EUROPEAN FOOTBALL

Treble-chasing Juventus win record third successive Italian Cup

Dani Alves and Leonardo Bonucci score a goal apiece in the 2-0 victory over Lazio.

Dani Alves and Leonardo Bonucci struck one apiece as treble-chasing Juventus secured a record third successive Italian Cup with a 2-0 victory over Lazio at the Stadio Olimpico on Wednesday.

Juventus, who won a league and Cup double the past two seasons, can clinch a record sixth consecutive Serie A title – and a record third double – with victory at home to Crotone on Sunday.

Massimiliano Allegri’s men also face Real Madrid in the Champions League final in Cardiff on June 3 and on this showing the Spanish giants will have cause for concern.

Days after seeing their title celebrations put on hold at the Stadio Olimpico following a 3-1 defeat to Lazio’s city rivals Roma, Juventus were back their formidable best.

And Allegri said he expects more of the same on Sunday.

“This win has given us a boost for Sunday. We absolutely have to wrap up the championship,” said Allegri.

“The lads delivered a great technical and defensive performance that has more than made up for last week against Roma.”

Bonucci said: “Sunday is another final for us. We have to secure our second objective of the season, then we’ll all start looking to Cardiff.”

Lazio, whose last trophy came from their 2013 Cup triumph, had hoped to emulate Roma by sending Juventus back to Turin with their tails between their legs.

But despite a battling display by Simone Inzaghi’s men, Lazio spurned their few chances, and were outplayed by the slick, passing play inspired by Argentinian playmaker Paulo Dybala.

Inzaghi refused to fault his players, saying: “There’s some bitterness, but we came up against a top Juve side.

“I’m sorry we haven’t given joy to the fans and the players, but we have to look positively at our season.

“We’ve qualified for the Europa League with three games to spare and, apart from that, reaching the final is the best thing we’ve done this season.”

The sizeable Lazio support were given hope in the opening minutes when Keita Balde saw his shot from a tight angle, which evaded ‘keeper Norberto Neto, come off the post.

The scare was enough to jolt Juve into life.

Acrobatic Save

Argentina striker Gonzalo Higuain, who went on to spurn several chances to add to Juve’s tally, controlled well outside the area and unleashed a volley that Thomas Strakosha did well to block.

Strakosha pulled off an acrobatic save out the bag to stop Paulo Dybala’s long-range effort, the first of many in a performance that underlined the 22-year-old Albanian’s talents.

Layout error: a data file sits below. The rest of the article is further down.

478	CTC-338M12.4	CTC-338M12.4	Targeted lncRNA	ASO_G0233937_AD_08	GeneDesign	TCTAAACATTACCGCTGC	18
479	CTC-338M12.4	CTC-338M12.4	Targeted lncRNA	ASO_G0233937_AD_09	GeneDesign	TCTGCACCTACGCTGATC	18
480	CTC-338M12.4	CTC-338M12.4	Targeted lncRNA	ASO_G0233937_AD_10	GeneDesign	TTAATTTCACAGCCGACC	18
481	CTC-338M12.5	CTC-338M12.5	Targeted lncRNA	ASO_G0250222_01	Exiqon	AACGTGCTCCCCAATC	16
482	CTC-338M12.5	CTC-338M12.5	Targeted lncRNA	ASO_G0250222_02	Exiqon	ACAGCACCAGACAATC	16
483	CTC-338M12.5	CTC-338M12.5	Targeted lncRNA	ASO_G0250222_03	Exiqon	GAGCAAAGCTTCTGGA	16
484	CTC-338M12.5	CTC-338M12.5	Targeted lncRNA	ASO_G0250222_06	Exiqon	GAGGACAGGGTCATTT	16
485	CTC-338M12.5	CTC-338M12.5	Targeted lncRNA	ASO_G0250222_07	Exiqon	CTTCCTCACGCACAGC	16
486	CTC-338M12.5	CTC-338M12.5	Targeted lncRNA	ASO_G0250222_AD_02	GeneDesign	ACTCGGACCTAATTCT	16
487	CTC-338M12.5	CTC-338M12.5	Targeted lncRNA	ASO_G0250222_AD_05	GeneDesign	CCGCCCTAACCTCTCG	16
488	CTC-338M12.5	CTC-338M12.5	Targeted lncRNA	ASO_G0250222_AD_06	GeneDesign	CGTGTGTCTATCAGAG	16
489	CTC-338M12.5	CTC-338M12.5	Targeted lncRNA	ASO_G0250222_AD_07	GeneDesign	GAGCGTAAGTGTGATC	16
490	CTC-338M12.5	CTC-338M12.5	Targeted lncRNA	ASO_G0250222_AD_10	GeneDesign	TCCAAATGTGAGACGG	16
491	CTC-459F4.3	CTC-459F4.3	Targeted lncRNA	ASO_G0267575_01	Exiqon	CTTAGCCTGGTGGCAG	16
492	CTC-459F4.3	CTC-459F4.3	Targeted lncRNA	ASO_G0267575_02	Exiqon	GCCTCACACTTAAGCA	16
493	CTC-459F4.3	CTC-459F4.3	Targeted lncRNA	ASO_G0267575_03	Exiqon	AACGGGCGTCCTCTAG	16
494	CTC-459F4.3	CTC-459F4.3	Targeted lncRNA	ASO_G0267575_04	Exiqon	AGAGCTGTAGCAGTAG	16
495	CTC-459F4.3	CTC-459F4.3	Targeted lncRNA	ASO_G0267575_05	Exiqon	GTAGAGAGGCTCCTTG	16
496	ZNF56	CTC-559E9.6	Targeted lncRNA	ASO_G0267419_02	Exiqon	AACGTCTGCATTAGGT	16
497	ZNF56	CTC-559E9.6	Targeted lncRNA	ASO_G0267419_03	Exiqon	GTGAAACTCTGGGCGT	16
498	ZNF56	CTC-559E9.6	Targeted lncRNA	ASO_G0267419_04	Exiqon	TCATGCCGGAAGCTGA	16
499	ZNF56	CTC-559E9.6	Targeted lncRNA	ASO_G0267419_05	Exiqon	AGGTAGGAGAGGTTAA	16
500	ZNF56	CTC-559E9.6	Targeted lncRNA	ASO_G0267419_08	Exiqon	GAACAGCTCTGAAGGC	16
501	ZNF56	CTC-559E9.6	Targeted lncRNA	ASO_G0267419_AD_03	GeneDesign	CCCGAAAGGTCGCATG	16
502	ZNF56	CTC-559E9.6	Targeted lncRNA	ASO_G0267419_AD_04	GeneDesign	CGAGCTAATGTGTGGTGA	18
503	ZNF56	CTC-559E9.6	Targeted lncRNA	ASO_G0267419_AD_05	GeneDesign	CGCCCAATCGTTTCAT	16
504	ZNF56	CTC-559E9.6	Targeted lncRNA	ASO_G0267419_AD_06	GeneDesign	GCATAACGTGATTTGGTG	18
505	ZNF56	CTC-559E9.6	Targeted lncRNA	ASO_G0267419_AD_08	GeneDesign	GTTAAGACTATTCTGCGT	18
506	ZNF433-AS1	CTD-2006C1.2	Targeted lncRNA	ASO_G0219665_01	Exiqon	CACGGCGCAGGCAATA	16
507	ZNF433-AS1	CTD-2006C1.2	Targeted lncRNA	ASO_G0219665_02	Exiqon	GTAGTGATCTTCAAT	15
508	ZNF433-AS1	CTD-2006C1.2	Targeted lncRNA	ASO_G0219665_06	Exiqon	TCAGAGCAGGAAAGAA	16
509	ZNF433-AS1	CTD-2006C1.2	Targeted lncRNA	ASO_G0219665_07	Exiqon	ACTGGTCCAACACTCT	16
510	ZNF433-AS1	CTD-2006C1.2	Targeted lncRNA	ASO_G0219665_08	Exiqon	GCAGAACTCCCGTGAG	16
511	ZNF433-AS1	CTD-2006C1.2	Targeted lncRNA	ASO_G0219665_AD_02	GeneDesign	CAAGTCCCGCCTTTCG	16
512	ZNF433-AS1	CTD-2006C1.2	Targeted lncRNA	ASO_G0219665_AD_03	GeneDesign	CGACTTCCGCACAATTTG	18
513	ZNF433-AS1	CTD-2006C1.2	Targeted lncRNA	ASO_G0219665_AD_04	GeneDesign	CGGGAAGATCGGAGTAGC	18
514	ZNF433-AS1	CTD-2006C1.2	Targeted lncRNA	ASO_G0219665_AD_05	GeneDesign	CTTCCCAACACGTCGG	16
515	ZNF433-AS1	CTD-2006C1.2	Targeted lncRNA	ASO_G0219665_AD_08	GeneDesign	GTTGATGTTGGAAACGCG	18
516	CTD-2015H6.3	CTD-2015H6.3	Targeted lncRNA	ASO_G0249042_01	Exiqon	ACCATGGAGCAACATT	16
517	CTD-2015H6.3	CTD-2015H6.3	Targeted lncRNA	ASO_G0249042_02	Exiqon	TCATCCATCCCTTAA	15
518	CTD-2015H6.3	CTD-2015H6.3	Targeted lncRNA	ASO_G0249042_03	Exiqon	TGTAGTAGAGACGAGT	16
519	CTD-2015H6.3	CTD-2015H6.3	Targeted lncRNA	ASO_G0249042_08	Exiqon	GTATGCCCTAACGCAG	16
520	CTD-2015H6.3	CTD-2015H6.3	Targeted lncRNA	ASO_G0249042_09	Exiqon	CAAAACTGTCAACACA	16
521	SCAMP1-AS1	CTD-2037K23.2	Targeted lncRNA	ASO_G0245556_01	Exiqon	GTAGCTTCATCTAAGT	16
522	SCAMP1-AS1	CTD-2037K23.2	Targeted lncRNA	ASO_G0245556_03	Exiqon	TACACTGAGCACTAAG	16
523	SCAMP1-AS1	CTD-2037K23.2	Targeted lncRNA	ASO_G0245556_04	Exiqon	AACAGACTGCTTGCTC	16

On the quarter-hour, Lazio piled on the pressure, but when Balde’s cross into the area went awry it sent Juventus on a quick counter that left the capital side exposed.

Strakosha palmed Dybala’s ferocious strike to safety, and when it fell to Higuain three yards out he kept the Argentina striker’s effort out with his legs.

When Lazio were caught deep in Juve territory soon after, it exacted a heavier toll.

Dybala struck the corner, Alex Sandro flicked on towards the near post and Bonucci had an easy job tapping past Strakosha from close range.

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Minutes before the interval, play was waved on when Thomas Rincon was left injured in midfield, and it almost paid off for Lazio when Ciro Immobile sent a header inches past Neto’s upright.

Juve resumed in similar fashion, a combination of vertical passes between Dybala and Higuain sending Mario Mandzukic through until the big Croatian came down under a challenge from Wallace.

Inzaghi tinkered when he replaced Angolan defender Bastos with Brazilian forward Felipe Anderson, who only seconds later forced a great parry from Neto following an angled snap shot.

Anderson was involved again when Lazio edged even closer, collecting Dusan Basta’s smart ball to cross for Immobile at the back post.

The striker rode on Chiellini’s back to get his head to the ball, which came off the defender and was somehow kept out by an alert Neto.

Juve should have had more, but Dutch defender Stefan De Vrij did well to stop Dybala and Higuain spurned two great chances late on to get his name on the scoresheet.

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From catching Goan dances in Lisbon to sampling langar in Munich

A guide to the surprising Indian connect in Lisbon and Munich.

For several decades, a trip to Europe simply meant a visit to London, Paris and the Alps of Switzerland. Indians today, though, are looking beyond the tried and tested destinations and making an attempt to explore the rest of Europe as well. A more integrated global economy, moreover, has resulted in a more widespread Indian diaspora. Indeed, if you know where to look, you’ll find traces of Indian culture even in some unlikely cities. Lisbon and Munich are good cities to include in your European sojourn as they both offer compelling reasons to visit, thanks to a vibrant cultural life. Here’s a guide to everything Indian at Lisbon and Munich, when you wish to take a break from all the sight-seeing and bar crawling you’re likely to indulge in.

Lisbon

Lisbon is known as one of the most vibrant cities in Western Europe. On its streets, the ancient and the modern co-exist in effortless harmony. This shows in the fact that the patron saint day festivities every June make way for a summer that celebrates the arts with rock, jazz and fado concerts, theatre performances and art exhibitions taking place around the city. Every two years, Lisbon also hosts the largest Rock festival in the world, Rock in Rio Lisboa, that sees a staggering footfall.